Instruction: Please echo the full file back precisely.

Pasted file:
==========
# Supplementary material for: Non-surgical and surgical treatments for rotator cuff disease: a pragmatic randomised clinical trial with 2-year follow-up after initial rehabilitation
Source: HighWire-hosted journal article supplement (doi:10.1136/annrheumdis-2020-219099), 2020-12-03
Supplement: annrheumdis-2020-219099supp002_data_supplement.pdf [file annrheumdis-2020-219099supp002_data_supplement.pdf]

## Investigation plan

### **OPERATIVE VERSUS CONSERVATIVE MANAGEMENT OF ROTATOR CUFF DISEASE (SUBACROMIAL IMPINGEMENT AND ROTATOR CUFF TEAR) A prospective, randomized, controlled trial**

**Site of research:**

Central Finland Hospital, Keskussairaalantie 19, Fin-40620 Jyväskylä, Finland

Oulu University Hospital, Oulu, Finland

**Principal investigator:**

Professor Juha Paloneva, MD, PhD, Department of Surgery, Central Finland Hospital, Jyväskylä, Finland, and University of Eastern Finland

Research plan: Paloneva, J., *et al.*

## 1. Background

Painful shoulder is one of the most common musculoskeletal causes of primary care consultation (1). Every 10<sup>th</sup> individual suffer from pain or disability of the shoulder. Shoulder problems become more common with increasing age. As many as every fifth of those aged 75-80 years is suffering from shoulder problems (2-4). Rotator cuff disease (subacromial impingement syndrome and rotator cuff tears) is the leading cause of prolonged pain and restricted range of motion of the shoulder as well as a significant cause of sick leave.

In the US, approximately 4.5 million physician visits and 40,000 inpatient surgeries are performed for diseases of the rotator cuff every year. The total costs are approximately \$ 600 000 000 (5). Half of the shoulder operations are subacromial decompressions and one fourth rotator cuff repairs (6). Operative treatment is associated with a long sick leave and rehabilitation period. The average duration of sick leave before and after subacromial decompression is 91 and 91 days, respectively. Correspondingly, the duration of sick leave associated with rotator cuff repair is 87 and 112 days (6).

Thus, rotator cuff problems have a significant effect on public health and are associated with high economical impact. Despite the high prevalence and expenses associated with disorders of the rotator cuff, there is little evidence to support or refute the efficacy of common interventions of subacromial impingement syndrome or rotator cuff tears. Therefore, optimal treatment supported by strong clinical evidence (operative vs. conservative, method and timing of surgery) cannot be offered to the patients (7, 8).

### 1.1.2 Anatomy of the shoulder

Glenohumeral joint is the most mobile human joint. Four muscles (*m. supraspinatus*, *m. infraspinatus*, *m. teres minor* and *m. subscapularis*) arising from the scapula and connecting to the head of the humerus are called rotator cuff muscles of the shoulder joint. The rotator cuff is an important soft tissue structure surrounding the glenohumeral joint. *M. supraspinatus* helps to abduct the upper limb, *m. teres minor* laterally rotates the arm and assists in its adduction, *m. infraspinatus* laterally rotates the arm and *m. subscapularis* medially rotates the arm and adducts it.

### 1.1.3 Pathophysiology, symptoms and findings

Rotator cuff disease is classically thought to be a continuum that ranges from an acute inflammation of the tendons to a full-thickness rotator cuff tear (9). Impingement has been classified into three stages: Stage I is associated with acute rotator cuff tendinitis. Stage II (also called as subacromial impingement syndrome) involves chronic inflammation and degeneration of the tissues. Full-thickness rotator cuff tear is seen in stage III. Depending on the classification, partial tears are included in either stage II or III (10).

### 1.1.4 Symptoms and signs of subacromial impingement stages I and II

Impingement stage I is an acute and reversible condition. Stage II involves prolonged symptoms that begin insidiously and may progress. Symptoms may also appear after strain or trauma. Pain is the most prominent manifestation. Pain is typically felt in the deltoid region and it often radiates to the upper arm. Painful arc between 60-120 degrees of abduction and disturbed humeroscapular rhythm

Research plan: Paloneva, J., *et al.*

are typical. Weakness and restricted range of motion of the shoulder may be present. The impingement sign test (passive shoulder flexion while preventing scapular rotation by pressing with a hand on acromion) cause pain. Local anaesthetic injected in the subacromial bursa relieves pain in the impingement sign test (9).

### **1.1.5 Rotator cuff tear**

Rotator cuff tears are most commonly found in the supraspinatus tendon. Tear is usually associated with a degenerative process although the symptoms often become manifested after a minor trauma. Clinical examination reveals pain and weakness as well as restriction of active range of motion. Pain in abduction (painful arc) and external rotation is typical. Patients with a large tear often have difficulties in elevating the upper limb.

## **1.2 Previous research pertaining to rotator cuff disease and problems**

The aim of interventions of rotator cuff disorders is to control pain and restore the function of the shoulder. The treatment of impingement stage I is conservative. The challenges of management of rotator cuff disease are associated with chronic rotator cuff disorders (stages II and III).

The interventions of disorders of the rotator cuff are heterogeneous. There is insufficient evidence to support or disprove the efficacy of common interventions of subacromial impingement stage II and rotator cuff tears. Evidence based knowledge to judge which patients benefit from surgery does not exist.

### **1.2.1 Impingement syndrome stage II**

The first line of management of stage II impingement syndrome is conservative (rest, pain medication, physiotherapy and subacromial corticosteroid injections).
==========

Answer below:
# Supplementary material for: Non-surgical and surgical treatments for rotator cuff disease: a pragmatic randomised clinical trial with 2-year follow-up after initial rehabilitation
Source: HighWire-hosted journal article supplement (doi:10.1136/annrheumdis-2020-219099), 2020-12-03
Supplement: annrheumdis-2020-219099supp002_data_supplement.pdf [file annrheumdis-2020-219099supp002_data_supplement.pdf]

## Investigation plan

### **OPERATIVE VERSUS CONSERVATIVE MANAGEMENT OF ROTATOR CUFF DISEASE (SUBACROMIAL IMPINGEMENT AND ROTATOR CUFF TEAR) A prospective, randomized, controlled trial**

**Site of research:**

Central Finland Hospital, Keskussairaalantie 19, Fin-40620 Jyväskylä, Finland

Oulu University Hospital, Oulu, Finland

**Principal investigator:**

Professor Juha Paloneva, MD, PhD, Department of Surgery, Central Finland Hospital, Jyväskylä, Finland, and University of Eastern Finland

Research plan: Paloneva, J., *et al.*

## 1. Background

Painful shoulder is one of the most common musculoskeletal causes of primary care consultation (1). Every 10<sup>th</sup> individual suffer from pain or disability of the shoulder. Shoulder problems become more common with increasing age. As many as every fifth of those aged 75-80 years is suffering from shoulder problems (2-4). Rotator cuff disease (subacromial impingement syndrome and rotator cuff tears) is the leading cause of prolonged pain and restricted range of motion of the shoulder as well as a significant cause of sick leave.

In the US, approximately 4.5 million physician visits and 40,000 inpatient surgeries are performed for diseases of the rotator cuff every year. The total costs are approximately \$ 600 000 000 (5). Half of the shoulder operations are subacromial decompressions and one fourth rotator cuff repairs (6). Operative treatment is associated with a long sick leave and rehabilitation period. The average duration of sick leave before and after subacromial decompression is 91 and 91 days, respectively. Correspondingly, the duration of sick leave associated with rotator cuff repair is 87 and 112 days (6).

Thus, rotator cuff problems have a significant effect on public health and are associated with high economical impact. Despite the high prevalence and expenses associated with disorders of the rotator cuff, there is little evidence to support or refute the efficacy of common interventions of subacromial impingement syndrome or rotator cuff tears. Therefore, optimal treatment supported by strong clinical evidence (operative vs. conservative, method and timing of surgery) cannot be offered to the patients (7, 8).

### 1.1.2 Anatomy of the shoulder

Glenohumeral joint is the most mobile human joint. Four muscles (*m. supraspinatus*, *m. infraspinatus*, *m. teres minor* and *m. subscapularis*) arising from the scapula and connecting to the head of the humerus are called rotator cuff muscles of the shoulder joint. The rotator cuff is an important soft tissue structure surrounding the glenohumeral joint. *M. supraspinatus* helps to abduct the upper limb, *m. teres minor* laterally rotates the arm and assists in its adduction, *m. infraspinatus* laterally rotates the arm and *m. subscapularis* medially rotates the arm and adducts it.

### 1.1.3 Pathophysiology, symptoms and findings

Rotator cuff disease is classically thought to be a continuum that ranges from an acute inflammation of the tendons to a full-thickness rotator cuff tear (9). Impingement has been classified into three stages: Stage I is associated with acute rotator cuff tendinitis. Stage II (also called as subacromial impingement syndrome) involves chronic inflammation and degeneration of the tissues. Full-thickness rotator cuff tear is seen in stage III. Depending on the classification, partial tears are included in either stage II or III (10).

### 1.1.4 Symptoms and signs of subacromial impingement stages I and II

Impingement stage I is an acute and reversible condition. Stage II involves prolonged symptoms that begin insidiously and may progress. Symptoms may also appear after strain or trauma. Pain is the most prominent manifestation. Pain is typically felt in the deltoid region and it often radiates to the upper arm. Painful arc between 60-120 degrees of abduction and disturbed humeroscapular rhythm

Research plan: Paloneva, J., *et al.*

are typical. Weakness and restricted range of motion of the shoulder may be present. The impingement sign test (passive shoulder flexion while preventing scapular rotation by pressing with a hand on acromion) cause pain. Local anaesthetic injected in the subacromial bursa relieves pain in the impingement sign test (9).

### **1.1.5 Rotator cuff tear**

Rotator cuff tears are most commonly found in the supraspinatus tendon. Tear is usually associated with a degenerative process although the symptoms often become manifested after a minor trauma. Clinical examination reveals pain and weakness as well as restriction of active range of motion. Pain in abduction (painful arc) and external rotation is typical. Patients with a large tear often have difficulties in elevating the upper limb.

## **1.2 Previous research pertaining to rotator cuff disease and problems**

The aim of interventions of rotator cuff disorders is to control pain and restore the function of the shoulder. The treatment of impingement stage I is conservative. The challenges of management of rotator cuff disease are associated with chronic rotator cuff disorders (stages II and III).

The interventions of disorders of the rotator cuff are heterogeneous. There is insufficient evidence to support or disprove the efficacy of common interventions of subacromial impingement stage II and rotator cuff tears. Evidence based knowledge to judge which patients benefit from surgery does not exist.

### **1.2.1 Impingement syndrome stage II**

The first line of management of stage II impingement syndrome is conservative (rest, pain medication, physiotherapy and subacromial corticosteroid injections).